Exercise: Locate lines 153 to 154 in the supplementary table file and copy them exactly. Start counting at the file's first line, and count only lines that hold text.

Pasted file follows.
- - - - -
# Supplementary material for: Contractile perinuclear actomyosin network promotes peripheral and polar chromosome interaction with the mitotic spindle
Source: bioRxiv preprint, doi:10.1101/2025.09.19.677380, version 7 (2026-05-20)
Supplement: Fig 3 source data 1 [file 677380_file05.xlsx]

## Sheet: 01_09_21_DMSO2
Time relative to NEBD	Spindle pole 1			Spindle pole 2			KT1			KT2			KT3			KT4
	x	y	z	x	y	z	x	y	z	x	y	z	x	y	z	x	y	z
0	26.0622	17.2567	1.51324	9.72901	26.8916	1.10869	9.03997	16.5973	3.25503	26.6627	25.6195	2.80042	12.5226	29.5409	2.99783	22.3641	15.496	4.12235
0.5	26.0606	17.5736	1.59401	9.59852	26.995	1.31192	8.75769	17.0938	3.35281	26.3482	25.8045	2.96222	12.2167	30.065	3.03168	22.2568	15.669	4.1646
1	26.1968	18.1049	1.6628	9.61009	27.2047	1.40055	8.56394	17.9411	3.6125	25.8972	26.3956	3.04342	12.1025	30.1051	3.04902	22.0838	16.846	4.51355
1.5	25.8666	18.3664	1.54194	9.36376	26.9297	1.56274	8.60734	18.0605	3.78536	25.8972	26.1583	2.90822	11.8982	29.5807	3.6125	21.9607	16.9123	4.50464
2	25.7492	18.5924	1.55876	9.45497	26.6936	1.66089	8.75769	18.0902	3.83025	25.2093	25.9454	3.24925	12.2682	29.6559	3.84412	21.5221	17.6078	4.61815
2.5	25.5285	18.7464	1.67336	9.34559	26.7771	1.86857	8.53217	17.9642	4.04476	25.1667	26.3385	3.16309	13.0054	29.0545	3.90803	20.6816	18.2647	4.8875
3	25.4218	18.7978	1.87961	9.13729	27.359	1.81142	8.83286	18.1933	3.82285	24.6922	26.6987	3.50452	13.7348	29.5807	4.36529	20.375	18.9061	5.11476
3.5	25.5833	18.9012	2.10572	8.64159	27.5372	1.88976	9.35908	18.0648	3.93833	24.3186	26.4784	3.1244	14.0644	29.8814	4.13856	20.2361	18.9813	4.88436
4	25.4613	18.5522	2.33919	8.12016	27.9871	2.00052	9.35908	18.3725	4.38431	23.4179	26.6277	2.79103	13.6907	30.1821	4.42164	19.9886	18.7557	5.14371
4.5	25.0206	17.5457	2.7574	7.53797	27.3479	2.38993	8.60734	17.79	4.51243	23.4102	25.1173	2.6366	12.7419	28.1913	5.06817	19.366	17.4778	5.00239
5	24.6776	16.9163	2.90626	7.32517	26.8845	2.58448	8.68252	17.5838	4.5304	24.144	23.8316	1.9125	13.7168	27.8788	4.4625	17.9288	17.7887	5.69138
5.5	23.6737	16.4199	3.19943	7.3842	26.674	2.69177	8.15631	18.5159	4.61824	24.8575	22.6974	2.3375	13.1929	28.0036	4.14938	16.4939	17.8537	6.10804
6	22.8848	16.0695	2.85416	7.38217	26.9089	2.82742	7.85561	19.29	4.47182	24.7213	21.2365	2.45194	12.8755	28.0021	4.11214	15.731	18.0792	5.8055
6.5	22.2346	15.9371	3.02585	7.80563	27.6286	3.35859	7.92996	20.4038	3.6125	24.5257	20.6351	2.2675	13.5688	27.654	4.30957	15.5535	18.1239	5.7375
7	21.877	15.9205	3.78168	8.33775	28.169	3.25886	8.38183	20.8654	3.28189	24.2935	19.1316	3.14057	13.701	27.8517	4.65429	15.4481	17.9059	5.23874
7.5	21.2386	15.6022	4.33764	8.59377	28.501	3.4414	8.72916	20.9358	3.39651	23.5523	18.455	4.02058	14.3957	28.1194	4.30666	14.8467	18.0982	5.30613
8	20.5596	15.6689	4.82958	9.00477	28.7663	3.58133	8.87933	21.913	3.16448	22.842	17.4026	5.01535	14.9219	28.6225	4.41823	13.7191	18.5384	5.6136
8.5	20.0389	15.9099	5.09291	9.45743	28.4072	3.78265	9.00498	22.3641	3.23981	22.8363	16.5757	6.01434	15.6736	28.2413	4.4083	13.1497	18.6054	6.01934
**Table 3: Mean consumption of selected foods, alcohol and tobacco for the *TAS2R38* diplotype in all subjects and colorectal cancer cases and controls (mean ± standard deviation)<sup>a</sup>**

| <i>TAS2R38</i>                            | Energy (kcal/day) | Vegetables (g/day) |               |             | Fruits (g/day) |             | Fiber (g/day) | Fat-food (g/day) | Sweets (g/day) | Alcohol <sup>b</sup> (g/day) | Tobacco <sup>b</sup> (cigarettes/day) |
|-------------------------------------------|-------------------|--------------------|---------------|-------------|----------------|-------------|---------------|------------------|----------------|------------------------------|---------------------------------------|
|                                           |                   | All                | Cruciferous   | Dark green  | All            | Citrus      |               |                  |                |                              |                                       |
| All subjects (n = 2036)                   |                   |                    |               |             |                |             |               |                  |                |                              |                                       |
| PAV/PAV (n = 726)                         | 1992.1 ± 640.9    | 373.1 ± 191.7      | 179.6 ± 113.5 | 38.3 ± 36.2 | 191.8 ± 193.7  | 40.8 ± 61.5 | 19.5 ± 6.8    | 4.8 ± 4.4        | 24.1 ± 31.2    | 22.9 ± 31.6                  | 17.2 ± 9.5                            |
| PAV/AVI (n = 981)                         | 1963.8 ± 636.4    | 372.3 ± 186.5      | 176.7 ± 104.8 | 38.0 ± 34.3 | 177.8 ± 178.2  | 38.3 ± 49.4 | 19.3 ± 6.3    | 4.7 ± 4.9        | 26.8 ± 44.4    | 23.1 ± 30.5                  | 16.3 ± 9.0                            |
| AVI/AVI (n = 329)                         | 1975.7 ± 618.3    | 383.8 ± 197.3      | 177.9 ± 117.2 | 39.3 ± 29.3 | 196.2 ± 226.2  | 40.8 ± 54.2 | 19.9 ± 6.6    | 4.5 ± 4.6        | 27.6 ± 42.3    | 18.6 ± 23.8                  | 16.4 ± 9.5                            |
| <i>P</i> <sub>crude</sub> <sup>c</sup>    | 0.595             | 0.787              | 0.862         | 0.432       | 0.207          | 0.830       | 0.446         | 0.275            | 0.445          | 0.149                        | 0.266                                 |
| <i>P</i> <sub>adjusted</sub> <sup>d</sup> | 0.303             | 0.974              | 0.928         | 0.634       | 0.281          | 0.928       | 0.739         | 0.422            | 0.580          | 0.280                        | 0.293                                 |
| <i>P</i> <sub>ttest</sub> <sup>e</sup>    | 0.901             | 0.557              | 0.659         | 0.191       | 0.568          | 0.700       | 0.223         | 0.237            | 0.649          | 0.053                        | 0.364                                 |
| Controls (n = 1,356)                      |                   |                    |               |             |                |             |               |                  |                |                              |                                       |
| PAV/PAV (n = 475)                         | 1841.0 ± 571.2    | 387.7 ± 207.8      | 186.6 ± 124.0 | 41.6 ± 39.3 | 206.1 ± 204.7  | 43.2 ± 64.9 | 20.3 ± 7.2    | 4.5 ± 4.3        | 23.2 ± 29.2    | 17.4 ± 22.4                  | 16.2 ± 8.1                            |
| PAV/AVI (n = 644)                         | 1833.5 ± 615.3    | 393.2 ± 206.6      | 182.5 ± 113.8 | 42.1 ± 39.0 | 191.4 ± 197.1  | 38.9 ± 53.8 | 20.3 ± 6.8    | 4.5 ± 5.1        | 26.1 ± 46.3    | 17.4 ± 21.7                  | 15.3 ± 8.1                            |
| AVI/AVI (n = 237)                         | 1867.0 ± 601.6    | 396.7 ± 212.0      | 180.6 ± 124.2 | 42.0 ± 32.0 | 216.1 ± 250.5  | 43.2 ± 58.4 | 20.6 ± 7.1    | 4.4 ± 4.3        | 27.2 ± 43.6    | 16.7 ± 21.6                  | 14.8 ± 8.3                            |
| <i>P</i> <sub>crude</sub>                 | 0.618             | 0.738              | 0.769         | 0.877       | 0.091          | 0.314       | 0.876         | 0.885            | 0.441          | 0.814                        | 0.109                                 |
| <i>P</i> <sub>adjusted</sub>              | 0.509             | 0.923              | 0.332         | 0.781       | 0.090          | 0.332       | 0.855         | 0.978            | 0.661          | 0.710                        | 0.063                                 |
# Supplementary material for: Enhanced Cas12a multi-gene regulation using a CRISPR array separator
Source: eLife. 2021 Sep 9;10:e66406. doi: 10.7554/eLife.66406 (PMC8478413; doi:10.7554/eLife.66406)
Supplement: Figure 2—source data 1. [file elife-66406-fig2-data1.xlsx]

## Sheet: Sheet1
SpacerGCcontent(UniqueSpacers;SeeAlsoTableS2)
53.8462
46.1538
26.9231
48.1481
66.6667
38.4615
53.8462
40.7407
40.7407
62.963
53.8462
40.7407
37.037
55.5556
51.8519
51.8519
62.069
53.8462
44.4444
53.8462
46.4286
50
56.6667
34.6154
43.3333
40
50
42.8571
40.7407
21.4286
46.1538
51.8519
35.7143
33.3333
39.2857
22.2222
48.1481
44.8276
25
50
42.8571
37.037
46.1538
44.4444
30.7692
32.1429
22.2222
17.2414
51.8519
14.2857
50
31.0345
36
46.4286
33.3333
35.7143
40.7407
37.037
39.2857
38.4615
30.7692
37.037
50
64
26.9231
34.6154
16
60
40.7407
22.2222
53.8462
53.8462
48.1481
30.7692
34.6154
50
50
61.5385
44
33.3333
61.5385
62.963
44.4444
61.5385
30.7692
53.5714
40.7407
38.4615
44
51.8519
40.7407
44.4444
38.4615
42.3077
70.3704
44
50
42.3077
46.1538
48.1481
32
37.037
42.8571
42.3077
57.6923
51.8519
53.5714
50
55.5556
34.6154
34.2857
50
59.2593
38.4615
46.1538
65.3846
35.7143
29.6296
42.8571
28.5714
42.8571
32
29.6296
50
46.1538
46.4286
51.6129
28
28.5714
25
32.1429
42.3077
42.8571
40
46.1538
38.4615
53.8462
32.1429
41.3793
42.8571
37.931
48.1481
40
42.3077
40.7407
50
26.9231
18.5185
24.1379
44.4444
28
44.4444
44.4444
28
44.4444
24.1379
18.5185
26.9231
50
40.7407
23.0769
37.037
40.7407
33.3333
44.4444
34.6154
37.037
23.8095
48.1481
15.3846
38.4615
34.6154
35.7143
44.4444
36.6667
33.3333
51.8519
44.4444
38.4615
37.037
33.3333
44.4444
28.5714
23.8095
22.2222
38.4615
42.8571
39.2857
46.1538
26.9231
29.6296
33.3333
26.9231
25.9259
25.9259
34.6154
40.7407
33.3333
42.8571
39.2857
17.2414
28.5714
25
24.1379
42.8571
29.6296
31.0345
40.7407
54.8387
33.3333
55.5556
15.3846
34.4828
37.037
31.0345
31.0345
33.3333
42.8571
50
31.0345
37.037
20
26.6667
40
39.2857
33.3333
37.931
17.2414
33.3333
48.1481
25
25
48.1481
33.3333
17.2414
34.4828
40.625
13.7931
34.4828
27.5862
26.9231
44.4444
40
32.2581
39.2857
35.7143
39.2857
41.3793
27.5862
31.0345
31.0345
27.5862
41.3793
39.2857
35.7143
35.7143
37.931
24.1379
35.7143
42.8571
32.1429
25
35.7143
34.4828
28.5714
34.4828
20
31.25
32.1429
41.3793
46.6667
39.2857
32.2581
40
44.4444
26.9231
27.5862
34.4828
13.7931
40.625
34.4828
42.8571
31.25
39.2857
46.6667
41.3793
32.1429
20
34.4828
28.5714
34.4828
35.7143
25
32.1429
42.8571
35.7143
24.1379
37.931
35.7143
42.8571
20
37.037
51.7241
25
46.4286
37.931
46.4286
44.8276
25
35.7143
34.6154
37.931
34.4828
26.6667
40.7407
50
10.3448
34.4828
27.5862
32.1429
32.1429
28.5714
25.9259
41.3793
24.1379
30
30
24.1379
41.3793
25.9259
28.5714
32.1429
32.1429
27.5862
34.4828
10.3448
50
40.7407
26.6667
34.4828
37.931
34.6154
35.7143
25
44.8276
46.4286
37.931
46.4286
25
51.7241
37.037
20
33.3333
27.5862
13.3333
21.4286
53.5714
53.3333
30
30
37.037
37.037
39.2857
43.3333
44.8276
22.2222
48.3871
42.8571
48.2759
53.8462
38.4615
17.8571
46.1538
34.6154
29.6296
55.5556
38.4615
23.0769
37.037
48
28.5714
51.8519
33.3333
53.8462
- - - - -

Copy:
53.5714
50